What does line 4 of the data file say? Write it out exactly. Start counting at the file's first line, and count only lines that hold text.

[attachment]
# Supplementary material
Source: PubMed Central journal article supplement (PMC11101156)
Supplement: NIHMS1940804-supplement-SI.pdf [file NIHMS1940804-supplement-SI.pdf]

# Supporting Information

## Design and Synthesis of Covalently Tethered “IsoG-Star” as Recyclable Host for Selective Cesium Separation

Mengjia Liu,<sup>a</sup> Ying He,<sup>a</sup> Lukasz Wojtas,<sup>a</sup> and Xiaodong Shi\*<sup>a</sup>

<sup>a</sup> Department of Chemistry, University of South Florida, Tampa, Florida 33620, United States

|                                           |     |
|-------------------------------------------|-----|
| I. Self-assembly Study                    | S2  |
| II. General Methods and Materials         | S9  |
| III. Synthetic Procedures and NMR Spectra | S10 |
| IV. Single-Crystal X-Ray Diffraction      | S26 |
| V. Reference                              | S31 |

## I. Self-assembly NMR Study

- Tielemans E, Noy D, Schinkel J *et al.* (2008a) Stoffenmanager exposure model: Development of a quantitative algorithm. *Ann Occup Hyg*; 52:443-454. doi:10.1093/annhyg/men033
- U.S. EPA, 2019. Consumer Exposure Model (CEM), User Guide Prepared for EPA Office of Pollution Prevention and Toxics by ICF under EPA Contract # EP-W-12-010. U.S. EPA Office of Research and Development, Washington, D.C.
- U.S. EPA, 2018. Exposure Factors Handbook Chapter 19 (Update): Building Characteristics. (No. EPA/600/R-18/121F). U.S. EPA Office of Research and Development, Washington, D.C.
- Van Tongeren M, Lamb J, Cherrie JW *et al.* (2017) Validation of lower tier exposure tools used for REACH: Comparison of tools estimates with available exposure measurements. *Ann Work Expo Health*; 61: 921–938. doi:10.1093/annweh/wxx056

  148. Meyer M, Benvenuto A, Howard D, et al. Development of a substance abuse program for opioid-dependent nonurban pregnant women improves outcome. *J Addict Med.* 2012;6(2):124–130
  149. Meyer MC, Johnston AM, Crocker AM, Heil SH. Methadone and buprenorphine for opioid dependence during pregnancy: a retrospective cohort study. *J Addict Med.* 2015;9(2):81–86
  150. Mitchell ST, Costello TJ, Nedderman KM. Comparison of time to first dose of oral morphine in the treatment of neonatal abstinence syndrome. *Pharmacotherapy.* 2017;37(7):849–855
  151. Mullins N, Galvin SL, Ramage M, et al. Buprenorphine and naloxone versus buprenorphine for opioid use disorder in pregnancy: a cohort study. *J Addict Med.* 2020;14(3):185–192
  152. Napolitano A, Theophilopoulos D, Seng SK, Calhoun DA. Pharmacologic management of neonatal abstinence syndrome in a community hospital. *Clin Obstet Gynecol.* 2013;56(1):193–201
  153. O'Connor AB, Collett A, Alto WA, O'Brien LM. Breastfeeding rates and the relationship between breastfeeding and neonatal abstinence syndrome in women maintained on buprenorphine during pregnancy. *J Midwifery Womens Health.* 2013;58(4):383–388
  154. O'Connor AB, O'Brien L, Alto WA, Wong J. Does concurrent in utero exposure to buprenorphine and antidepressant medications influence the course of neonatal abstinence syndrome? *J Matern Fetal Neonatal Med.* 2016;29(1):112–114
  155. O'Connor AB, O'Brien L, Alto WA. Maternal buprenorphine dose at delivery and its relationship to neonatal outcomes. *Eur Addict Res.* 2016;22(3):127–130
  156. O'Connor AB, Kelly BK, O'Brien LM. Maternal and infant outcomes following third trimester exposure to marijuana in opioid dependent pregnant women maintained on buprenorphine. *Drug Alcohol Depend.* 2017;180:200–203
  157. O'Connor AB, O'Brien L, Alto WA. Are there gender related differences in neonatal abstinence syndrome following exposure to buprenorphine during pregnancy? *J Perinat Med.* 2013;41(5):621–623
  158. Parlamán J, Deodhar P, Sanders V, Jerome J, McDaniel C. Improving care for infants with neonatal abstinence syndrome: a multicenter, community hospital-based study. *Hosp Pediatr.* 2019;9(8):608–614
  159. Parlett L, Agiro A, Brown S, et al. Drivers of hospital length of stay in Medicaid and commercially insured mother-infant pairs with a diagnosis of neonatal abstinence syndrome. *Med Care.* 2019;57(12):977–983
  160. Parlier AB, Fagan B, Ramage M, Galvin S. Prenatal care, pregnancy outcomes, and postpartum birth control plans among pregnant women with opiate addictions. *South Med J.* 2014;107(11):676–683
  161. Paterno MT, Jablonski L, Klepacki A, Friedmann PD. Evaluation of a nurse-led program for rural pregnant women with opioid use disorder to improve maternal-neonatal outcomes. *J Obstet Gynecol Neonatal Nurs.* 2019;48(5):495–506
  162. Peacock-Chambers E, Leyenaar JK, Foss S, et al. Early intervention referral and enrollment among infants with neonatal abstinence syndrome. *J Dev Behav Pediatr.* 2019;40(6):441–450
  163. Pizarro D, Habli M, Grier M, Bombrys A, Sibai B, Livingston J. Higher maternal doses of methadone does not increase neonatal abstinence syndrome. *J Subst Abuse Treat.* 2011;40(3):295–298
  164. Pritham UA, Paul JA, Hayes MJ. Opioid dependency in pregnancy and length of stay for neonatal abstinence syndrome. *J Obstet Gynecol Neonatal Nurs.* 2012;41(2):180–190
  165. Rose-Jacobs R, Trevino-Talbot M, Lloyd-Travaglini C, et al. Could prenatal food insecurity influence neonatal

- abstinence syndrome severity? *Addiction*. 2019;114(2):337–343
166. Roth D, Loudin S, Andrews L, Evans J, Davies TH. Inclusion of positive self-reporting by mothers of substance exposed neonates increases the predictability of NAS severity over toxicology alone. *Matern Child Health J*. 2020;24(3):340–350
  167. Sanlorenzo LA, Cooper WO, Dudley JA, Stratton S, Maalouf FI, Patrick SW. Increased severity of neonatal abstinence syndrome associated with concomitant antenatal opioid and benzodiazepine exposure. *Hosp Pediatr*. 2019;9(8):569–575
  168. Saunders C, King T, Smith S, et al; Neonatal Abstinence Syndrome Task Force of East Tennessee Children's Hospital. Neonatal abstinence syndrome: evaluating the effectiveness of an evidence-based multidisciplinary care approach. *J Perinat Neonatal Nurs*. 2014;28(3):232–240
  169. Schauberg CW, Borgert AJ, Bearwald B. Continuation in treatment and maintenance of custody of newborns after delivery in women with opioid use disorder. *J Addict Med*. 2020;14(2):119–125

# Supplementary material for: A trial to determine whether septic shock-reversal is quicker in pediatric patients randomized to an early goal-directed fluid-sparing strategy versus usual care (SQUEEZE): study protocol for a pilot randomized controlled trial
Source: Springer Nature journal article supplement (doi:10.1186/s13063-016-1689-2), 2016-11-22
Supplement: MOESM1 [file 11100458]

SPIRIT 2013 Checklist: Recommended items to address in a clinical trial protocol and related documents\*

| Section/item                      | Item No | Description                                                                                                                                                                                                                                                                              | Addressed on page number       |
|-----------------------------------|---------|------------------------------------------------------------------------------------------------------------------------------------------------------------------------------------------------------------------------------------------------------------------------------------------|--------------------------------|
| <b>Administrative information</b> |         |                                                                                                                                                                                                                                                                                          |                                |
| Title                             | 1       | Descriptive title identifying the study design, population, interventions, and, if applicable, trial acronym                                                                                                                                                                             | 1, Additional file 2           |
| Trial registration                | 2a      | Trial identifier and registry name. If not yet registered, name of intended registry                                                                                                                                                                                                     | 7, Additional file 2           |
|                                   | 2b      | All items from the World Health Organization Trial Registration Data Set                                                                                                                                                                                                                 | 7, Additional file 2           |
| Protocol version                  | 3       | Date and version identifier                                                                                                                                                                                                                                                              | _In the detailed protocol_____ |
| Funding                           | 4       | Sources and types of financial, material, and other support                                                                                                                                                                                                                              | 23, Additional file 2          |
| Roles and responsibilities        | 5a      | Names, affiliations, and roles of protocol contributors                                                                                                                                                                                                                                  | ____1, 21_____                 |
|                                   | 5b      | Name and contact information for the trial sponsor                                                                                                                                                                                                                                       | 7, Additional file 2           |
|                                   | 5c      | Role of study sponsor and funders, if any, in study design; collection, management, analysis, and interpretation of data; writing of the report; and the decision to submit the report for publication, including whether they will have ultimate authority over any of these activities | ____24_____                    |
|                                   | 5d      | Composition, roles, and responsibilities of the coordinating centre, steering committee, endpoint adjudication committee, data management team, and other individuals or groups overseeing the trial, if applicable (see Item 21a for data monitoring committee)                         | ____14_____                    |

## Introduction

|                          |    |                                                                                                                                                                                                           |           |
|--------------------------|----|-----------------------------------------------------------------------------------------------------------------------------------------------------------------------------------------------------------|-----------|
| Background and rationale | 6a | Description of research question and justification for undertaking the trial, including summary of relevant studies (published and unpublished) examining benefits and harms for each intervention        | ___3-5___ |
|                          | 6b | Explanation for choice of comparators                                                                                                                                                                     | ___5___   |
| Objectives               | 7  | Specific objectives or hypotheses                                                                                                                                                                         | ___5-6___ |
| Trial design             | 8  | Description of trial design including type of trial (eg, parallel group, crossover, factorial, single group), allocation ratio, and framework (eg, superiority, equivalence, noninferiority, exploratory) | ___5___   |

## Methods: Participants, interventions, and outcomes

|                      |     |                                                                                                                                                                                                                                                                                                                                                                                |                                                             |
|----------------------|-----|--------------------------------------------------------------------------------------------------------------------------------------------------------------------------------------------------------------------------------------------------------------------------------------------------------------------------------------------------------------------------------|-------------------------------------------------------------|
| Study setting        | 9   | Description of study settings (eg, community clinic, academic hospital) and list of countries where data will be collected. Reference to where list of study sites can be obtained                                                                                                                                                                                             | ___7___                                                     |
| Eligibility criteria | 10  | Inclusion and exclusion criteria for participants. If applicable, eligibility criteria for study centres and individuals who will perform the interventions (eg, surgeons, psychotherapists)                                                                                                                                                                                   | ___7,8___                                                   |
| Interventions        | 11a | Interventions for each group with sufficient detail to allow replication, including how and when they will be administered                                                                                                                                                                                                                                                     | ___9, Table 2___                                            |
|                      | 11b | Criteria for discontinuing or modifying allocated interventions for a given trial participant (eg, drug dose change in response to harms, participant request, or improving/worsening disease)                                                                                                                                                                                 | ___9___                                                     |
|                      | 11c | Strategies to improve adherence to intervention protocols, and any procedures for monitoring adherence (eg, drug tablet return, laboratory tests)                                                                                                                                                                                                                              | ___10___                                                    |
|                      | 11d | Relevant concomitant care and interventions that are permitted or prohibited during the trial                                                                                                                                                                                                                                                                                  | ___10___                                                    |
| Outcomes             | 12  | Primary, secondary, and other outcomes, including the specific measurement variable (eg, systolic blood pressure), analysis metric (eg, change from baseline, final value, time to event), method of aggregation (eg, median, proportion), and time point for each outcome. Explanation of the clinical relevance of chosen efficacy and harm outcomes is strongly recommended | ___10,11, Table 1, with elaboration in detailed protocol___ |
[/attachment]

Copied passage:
# Supporting Information